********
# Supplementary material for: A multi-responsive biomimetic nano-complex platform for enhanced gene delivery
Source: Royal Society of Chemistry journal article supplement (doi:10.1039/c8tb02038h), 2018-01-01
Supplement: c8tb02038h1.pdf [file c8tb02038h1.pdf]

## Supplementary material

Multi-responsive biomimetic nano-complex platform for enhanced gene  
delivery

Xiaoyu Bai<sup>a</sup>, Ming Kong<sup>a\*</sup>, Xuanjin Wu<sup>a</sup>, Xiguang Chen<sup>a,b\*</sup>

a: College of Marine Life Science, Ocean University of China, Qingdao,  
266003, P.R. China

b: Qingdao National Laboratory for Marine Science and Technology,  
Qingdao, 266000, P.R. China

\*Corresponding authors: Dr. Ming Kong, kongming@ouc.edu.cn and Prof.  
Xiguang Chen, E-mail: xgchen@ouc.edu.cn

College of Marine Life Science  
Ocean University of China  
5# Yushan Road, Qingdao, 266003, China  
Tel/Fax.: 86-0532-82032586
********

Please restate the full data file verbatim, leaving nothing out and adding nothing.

# Supplementary material for: A multi-responsive biomimetic nano-complex platform for enhanced gene delivery
Source: Royal Society of Chemistry journal article supplement (doi:10.1039/c8tb02038h), 2018-01-01
Supplement: c8tb02038h1.pdf [file c8tb02038h1.pdf]

## Supplementary material

Multi-responsive biomimetic nano-complex platform for enhanced gene  
delivery

Xiaoyu Bai<sup>a</sup>, Ming Kong<sup>a\*</sup>, Xuanjin Wu<sup>a</sup>, Xiguang Chen<sup>a,b\*</sup>

a: College of Marine Life Science, Ocean University of China, Qingdao,  
266003, P.R. China

b: Qingdao National Laboratory for Marine Science and Technology,  
Qingdao, 266000, P.R. China

\*Corresponding authors: Dr. Ming Kong, kongming@ouc.edu.cn and Prof.  
Xiguang Chen, E-mail: xgchen@ouc.edu.cn

College of Marine Life Science  
Ocean University of China  
5# Yushan Road, Qingdao, 266003, China  
Tel/Fax.: 86-0532-82032586